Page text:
Mika Rottenberg, NoNoseKnows (50 Kilos variant), 2015. Video (color, sound; 22:00 minutes) and cultured pearls. Jeanne L. Wasserman Fund and General Acquisition Fund. Courtesy the artist and Andrea Rosen Gallery. © Mika Rottenberg
In her absurdist films, Mika Rottenberg views the systems of capital through the lens of the offbeat, the exaggerated, and the gaudy. Her vision combines a penchant for the visceral, be it expressed through languid foodstuffs or bodily emanations, with a desire to express the physical realities of labor and the vexed systems by which goods are produced.
In 2014, Rottenberg travelled to the Zhuji, China, to witness the harvesting of cultured pearls––a laborious, repetitious, and undoubtedly alienating process that belies the vision of luxury, natural beauty, and ease that they evoke. NoNoseKnows provides a documentary-like account of the process, highlighting the bleak industrial urban landscapes that have resulted from the effects of the growing pearl trade in the region. The film documents the pearl production process in its entirety: irritants are inserted into young oysters to coax them into producing the pearls that later in the film are harvested by a woman crouching in a dimly lit room: she digs a sharp knife into the plate-sized mature oysters to extract a steady stream of pearls from their viscous pink interiors. At long tables supporting a seemingly unending line of bowls, rows of women sort the pearls, a blindingly quick process that gestures to the skill of the female laborers and the unremitting demand for the commodity.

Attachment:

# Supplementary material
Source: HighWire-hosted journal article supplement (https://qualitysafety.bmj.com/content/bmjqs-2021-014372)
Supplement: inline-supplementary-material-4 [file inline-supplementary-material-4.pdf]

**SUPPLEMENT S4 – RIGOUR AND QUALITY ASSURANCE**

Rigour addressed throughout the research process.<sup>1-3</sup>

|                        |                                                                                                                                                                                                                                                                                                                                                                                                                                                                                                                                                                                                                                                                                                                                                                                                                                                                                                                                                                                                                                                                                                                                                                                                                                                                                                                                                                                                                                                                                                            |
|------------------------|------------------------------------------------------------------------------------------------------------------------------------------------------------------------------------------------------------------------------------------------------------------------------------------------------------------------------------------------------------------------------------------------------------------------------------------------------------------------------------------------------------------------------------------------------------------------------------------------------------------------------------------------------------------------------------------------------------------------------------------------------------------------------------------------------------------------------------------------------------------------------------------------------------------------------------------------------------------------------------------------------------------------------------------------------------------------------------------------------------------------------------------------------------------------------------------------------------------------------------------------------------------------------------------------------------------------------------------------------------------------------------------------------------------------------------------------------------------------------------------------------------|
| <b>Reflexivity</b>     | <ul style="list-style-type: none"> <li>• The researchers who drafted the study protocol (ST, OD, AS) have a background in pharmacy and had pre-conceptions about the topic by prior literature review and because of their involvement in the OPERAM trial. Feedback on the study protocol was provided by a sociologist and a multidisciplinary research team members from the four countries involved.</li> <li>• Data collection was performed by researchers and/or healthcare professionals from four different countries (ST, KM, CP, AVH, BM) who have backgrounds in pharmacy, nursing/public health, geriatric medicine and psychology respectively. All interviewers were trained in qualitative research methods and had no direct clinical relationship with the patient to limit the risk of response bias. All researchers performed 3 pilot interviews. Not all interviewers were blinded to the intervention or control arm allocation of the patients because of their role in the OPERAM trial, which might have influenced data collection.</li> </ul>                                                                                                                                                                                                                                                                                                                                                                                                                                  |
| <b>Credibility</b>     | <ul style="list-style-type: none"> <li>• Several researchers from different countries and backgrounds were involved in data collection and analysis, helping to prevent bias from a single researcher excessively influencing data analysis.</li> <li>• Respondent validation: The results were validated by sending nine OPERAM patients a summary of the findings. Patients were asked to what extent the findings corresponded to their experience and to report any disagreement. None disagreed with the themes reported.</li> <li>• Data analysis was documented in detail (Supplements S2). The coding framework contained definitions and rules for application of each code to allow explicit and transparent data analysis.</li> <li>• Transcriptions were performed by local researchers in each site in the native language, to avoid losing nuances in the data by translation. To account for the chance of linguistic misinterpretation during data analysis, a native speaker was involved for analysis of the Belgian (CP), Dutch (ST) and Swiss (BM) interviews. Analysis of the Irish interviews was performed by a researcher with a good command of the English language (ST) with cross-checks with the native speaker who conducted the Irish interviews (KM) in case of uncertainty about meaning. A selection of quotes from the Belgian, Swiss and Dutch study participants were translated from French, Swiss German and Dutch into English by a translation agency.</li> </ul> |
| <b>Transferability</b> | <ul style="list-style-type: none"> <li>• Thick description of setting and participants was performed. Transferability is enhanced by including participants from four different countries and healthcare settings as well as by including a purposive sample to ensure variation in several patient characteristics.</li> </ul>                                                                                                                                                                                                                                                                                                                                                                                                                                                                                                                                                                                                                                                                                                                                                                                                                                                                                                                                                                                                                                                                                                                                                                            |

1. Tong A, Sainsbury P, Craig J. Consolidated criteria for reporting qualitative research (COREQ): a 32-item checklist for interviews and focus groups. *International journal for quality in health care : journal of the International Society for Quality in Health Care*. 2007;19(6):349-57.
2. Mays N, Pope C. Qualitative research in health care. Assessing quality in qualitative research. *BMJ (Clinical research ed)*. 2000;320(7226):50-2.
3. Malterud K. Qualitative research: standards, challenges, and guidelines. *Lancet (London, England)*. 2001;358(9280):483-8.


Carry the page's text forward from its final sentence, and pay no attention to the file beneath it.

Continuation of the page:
Another narrative in the film is introduced by way of Bunny Glamazon, an impressively tall woman whose pantsuit suggests that she is a Western supervisor at the factory. She sits downwind of a fan activated by workers that blows the scent of flowers directly to her nose, which becomes irritated. The sneezes that follow materialize heaping plates of food on the desk where she sits. As the film cuts between Bunny’s food-producing sneezes and the oyster-producing pearls, the correspondence becomes clear—Rottenberg positions both the workers and the oysters as unwitting accomplices in an activity associated with an overabundance of capital. Rottenberg’s witty vision of human labor, and more specifically female labor, was one of the high points of the 2015 Venice Biennale, where the artist presented the film in a purpose-built room that visitors entered by way of a small re-creation of the pearl factory. NoNoseKnows (50 Kilos variant) includes the projection room and adds a 50-kilogram sack of the pearls just outside the doorway.
NoNoseKnows (50 Kilos variant) supports the ICA/Boston’s commitment to time-based media, which includes works by artists such as Kader Attia, Paul Chan, and Ragnar Kjartansson. The work expands the current holdings through its exploration of global issues and labor conditions.